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What Motivates Us? 

I work with developing new products (on my own and with colleagues) and I started comtemplating about what factors are efficient when you want to motivate people in the innovative process of product development. I started reading about this topic and I stumbled upon writings by John Kotter and Dan Pink.

A good way to understand what motivates us you can have a look at Dan Pink’s presentation at TED 2009: http://www.ted.com/talks/dan_pink_on_motivation.html

Now, to get down the points that they have. The traditional notion of carrot and stick incentive suprisingly only work in a narrow set of situations. The conclusion is that if you perform repetitive work after a set of procedures that have already been defined, economic incentive WORKS! If you are in a process that requires creativity and thinking outside the box, economic incentive DOES NOT WORK! In fact, it can WORSEN the performance.

Now, a lot of the organisational structures built around traditional businesses are founded on carrot and stick way of thinking. The reality is that a lot of the work, we perform today is not repetitive and simple work. We work in markets that demand creative thinking to stay competitive. If we don’t perform accordingly, we lose our competitive edge. This is not to say that compensation does not play a part in motivating people. However, if you, as a manager/CXO/VP or whatever, can create an environment where compensation isn’t even a factor (which translates into – pay enough or even pay more than enough) then you have succeeded in creating an environment, where people can explore ideas without being worried about hurrying along results in order to get their bonuses. It is just in human nature to find the easiest and energy effective way to get the job done. This kind of thinking is not desirable in the creative process.

OK – if that doesn’t work, what can we do instead? Well, our friends Dan and John have a couple of ideas on how to motivate and how to urge people to perform. Dan works with concepts such as: Autonomy, Mastery and Purpose.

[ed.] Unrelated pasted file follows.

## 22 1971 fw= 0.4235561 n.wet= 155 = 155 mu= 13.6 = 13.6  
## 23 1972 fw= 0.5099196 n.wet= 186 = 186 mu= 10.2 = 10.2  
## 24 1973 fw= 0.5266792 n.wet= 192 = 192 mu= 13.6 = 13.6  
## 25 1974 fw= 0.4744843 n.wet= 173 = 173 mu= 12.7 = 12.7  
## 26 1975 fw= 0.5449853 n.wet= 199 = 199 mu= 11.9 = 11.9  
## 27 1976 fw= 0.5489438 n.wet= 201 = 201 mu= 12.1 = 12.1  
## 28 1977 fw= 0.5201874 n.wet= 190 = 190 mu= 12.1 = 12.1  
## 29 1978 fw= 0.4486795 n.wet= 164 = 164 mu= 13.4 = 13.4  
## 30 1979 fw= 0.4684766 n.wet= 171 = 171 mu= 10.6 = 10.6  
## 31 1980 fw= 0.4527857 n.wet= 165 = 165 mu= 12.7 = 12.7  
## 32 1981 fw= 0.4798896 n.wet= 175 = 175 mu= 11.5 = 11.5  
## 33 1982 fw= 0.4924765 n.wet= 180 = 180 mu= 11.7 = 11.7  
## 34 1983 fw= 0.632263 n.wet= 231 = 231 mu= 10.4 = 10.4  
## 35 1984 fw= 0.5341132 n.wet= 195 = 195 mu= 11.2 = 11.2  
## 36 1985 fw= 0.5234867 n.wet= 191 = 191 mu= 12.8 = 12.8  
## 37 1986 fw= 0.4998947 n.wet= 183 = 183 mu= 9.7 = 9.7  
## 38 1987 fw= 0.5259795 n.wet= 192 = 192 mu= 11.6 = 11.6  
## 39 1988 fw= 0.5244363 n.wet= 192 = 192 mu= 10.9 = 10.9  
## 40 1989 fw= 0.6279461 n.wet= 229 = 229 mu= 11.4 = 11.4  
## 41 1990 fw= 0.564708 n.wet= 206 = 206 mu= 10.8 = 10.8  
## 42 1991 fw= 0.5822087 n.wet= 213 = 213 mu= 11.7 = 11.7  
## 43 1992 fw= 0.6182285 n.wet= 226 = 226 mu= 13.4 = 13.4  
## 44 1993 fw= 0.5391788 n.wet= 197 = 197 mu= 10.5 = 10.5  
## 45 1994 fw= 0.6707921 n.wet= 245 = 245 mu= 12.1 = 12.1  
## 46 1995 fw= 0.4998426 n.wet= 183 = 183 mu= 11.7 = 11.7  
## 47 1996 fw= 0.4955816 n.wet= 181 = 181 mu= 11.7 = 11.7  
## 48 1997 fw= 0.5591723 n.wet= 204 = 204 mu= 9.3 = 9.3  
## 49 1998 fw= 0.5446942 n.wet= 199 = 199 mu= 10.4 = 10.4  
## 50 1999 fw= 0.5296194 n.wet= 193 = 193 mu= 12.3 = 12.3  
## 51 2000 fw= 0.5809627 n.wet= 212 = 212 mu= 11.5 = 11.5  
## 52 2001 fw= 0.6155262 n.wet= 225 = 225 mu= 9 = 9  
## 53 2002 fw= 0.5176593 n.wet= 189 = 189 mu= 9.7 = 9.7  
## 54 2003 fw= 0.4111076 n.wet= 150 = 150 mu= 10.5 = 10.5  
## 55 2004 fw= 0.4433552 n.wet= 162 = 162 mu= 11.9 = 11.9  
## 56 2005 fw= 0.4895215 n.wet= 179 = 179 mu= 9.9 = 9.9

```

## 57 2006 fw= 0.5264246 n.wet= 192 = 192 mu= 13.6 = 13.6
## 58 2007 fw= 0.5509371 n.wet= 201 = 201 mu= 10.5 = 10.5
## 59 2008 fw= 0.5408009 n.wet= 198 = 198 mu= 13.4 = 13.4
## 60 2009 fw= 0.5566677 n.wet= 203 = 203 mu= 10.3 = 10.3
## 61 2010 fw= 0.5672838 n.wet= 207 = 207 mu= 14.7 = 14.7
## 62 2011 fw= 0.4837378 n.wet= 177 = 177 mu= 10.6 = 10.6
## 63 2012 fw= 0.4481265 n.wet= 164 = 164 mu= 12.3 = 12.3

Autonomy deals with the desire to be able to control your own life and the direction you take. He mentions some examples in the talk on TED in the link above: FEDEX days, 20% Time at Google and ROWE. All of them describe situations where you are free from the external boundaries that you normally have in your work environment – you decide when you want to work, what you want to work with and how you want to work. This only works if you are told that you need to do something. There needs to be something at stake.

Mastery follows the notion that people have a desire to get better at what they feel is interesting. Whether it is ABAP Programming, Project Management or playing Playstation. It is just in our human nature to constantly want to get better.

Purpose is the desire to participate and contribute to something larger than oneself. If you are a consultant working on a new product, you would like to feel that there is some higher purpose to what you are doing – if this isn’t the case, then what is the point of you working on it? I bet that you can find other more interesting things to do. It is just not a productive way to spend your day.

Now, Kotter has written extensively on how to act against organisational and individual complacency. What he suggests in his new book – A Sense of Urgency – is that you need to create a sense of urgency. This urgency can be enstilled in people, if you can expose people to new areas within their field that they are unaware of, because they have been focused on something else. For example, if you are working with SAP BW consultants, you can expose colleagues to the exciting new areas within f.ex. Xcelsius or Widgets. If you can expose a real gap between their knowledge (area of Mastery to follow Dan’s concept) and the reality outside their little world, then you have their attention.

So, here is the message in a nutshell:

 – Pay enough to knowledge workers. Keep them happy – it will pay off in the long run

 – Give them freedom to structure their workday but demand the same output from them!

 – Find out what they want to master – it can be useful

 – Give workers a sense of purpose!

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